A new species of algae discovered in the Persian Gulf may help declining coral populations survive as climate change warms ocean temperatures and threatens reefs with often-fatal bleaching, according to a new report.
Researchers from the University of Southampton and New York University Abu Dhabi identified the algae while studying the world's warmest coral reef habitat, located in Abu Dhabi, United Arab Emirates, to understand how it survived such extreme temperatures.
"Understanding how corals survive under the extreme temperatures in the Gulf will give us important insights into the ability of reef corals to handle the heat stress, which is threatening their survival in the oceans that are warming up in response to climate change," Jörg Wiedenmann, professor of biological oceanography and head of the coral reef laboratory at the University of Southampton, said in a statement.
Reefs are made of many coral species, most of which live in symbiotic relationships with algae, according to researchers. Both species benefit as the algae produces sugars necessary for the diet of the coral, which offers shelter and nutrients vital for algae.
That mutually beneficial relationship is vulnerable to rising ocean temperatures as a result of climate change, according to the report, published in the journal Scientific Reports. Heat stress causes the loss of algae, which often results in coral bleaching. The increasing frequency and duration of such heat stress is a major threat to the reef's survival. Warmer ocean temperatures have already caused fatal coral bleaching.
But the type of algae that grows on Gulf coral, called Symbiodinium, is able to cope with those changes, scientists found. It could survive maximum temperatures of 34 to 36 degrees Celsius (93.2 to 96.8 degrees Fahrenheit) as well as annual temperature fluctuations of up to 20 degrees Celsius, or 68 degrees Fahrenheit.
That, according to researchers, means that at least some coral-algae partnerships would survive conditions predicted to occur in most coral containing waters by the end of the century.
"We monitored the symbiotic partnership over several seasons to ensure that this association was stable through a range of thermal conditions," said Professor John Burt of New York University Abu Dhabi. "We can confirm that this new type of alga is indeed the year-round prevalent symbiont across several dominant coral species from the Abu Dhabi coast of the United Arab Emirates."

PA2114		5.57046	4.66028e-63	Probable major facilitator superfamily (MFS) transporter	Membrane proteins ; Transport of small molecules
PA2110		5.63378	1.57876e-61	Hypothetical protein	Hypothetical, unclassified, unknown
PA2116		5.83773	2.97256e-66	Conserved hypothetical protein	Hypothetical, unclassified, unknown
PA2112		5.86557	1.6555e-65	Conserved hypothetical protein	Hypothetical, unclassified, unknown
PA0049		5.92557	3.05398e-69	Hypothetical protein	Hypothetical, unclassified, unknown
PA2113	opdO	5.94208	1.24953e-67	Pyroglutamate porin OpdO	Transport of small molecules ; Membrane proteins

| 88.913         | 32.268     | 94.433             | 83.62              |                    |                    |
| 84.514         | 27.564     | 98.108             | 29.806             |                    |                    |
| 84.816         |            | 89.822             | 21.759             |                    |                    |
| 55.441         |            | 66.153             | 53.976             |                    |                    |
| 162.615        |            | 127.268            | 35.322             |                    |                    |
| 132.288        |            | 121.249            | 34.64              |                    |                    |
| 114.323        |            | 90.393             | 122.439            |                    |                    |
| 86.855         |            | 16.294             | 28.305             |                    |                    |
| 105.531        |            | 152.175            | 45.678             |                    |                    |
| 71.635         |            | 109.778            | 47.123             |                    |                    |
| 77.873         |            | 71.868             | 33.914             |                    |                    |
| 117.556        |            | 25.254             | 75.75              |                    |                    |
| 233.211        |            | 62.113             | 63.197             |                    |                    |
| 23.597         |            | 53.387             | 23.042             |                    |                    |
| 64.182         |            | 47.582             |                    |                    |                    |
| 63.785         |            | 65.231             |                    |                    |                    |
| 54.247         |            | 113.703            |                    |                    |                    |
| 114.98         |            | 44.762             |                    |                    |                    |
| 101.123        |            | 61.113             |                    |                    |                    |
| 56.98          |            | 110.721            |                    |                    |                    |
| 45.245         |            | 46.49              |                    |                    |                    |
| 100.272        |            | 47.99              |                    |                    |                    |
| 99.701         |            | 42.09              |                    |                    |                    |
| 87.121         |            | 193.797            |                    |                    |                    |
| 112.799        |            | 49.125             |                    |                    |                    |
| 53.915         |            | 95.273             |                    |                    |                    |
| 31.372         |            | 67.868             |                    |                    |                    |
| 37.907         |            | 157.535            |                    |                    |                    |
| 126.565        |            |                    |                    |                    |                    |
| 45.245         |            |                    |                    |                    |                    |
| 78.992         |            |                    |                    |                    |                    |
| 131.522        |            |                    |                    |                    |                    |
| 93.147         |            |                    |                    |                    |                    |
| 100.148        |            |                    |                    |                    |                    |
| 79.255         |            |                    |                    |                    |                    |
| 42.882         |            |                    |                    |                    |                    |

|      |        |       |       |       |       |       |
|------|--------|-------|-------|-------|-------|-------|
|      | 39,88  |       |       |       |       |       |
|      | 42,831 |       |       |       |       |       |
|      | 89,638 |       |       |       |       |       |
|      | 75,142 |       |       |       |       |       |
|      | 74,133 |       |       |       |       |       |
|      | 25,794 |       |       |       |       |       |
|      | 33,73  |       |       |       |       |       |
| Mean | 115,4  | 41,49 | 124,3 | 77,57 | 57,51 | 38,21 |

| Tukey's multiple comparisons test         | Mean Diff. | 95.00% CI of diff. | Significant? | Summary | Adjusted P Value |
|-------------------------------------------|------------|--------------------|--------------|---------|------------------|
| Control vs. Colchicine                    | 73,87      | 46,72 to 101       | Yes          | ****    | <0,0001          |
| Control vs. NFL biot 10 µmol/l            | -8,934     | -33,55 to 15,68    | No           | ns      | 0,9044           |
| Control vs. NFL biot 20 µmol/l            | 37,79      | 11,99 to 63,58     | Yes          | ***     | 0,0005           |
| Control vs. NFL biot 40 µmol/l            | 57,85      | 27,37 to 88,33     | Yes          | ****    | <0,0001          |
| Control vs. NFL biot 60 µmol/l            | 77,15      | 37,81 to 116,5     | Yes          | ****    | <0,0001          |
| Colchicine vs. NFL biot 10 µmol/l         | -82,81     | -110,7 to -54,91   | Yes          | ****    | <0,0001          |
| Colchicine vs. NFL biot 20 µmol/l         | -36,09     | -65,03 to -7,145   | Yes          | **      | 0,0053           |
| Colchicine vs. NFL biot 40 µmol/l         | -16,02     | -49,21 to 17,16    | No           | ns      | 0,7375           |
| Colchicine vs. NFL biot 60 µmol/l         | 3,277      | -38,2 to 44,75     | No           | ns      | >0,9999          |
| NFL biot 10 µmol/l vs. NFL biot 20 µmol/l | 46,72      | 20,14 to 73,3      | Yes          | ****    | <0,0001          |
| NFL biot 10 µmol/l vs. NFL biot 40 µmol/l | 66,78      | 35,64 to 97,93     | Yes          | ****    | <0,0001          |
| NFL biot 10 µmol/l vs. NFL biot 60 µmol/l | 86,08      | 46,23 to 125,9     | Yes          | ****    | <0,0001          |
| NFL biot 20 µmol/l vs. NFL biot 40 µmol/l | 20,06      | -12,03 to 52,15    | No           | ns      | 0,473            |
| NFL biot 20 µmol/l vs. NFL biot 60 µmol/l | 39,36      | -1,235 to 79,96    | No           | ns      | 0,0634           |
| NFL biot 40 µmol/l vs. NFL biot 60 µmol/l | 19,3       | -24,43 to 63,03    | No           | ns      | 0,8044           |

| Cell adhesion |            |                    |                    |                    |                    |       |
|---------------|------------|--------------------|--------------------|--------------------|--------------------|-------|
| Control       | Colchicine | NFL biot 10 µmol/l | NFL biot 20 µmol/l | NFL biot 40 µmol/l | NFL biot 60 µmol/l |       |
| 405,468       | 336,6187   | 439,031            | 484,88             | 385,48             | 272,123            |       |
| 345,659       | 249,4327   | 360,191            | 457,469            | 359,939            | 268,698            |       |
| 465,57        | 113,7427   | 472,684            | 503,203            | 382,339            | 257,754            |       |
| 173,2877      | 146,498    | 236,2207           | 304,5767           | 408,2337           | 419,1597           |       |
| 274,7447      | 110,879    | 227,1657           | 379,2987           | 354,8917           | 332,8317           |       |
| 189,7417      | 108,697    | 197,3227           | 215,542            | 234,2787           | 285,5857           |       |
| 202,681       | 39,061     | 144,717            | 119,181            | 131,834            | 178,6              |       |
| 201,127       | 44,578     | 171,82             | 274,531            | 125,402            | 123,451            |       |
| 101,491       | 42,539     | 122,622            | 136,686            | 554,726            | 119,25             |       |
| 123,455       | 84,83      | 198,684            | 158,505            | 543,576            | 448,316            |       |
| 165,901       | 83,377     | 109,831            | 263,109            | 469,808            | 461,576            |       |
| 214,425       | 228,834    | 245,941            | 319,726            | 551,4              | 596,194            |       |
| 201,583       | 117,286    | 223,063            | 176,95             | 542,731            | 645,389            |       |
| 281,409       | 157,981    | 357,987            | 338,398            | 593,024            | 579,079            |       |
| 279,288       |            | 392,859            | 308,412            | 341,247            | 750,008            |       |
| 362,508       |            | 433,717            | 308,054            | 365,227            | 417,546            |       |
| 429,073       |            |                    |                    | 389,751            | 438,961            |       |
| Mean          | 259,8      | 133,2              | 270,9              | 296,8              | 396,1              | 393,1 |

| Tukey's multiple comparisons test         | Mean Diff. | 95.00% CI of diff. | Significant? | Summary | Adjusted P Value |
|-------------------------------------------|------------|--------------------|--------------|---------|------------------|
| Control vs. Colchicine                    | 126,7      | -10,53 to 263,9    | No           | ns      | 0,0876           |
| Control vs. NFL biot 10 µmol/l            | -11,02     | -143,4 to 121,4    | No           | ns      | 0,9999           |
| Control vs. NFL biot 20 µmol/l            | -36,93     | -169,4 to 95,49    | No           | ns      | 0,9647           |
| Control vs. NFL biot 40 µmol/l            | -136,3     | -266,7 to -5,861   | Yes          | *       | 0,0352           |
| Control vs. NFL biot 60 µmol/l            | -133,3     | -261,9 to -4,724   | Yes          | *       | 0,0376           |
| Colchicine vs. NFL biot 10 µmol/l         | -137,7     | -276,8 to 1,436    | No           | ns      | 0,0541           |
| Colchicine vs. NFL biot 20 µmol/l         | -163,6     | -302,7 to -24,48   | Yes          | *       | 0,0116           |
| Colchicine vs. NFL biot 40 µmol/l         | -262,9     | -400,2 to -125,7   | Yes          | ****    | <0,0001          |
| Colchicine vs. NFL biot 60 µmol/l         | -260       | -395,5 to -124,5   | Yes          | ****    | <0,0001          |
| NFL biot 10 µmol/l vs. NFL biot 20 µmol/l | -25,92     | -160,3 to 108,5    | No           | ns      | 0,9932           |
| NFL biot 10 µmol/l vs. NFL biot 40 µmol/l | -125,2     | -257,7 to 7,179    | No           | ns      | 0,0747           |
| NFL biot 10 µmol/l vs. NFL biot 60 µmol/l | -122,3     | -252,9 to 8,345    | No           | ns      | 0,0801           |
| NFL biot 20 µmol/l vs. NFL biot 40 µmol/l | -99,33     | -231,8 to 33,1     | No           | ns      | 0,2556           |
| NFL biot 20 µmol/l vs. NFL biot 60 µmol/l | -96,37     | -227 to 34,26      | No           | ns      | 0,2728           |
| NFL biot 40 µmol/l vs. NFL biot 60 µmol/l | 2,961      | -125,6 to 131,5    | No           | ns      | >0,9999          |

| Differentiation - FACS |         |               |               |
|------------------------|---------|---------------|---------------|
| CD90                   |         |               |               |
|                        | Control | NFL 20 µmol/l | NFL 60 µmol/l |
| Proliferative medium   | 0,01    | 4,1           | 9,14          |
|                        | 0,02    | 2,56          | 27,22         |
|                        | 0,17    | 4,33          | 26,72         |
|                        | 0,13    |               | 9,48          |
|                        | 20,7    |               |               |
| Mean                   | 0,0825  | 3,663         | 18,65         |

Models predict coral reefs will experience annual coral bleaching by 2040, threatening the species with extinction if it is unable to adapt to warmer waters, the report said. Even as little as a 1 degree Celsius increase in average temperatures can be fatal for most coral.
Global temperatures have risen 0.85 C on average since the Industrial Revolution — a change most scientists blame on human activities like the burning of fossil fuels. At current levels of emissions, the world is on track for as much as a 5 degree Celsius rise by 2050.
Scientists tend to agree that capping global temperature rise at 2 degrees Celsius would save the planet from the most severe effects of climate change. But others argue that even a rise of 2 degrees Celsius would trigger positive feedback cycles, which refers to effects from warming that lead to even more warming.
That worries scientists because coral reef die-off, when coupled with melting ice-sheets and the destruction of the Amazon rain forest, could trigger grave global consequences if stressed beyond their limit by rising temperatures.
Given this potential threat, ensuring coral reefs survive is important for the stability of the global climate, the report said.
"It gives hope to find that corals have more ways to adjust to stressful environmental conditions than we had previously thought," said Wiedenmann. "However, it is not only heat that troubles coral reefs. Pollution and nutrient enrichment, overfishing and coastal development also represent severe threats to their survival. Only if we manage to reduce these different forms of stress will corals be able to benefit from their capacity to adjust to climate change."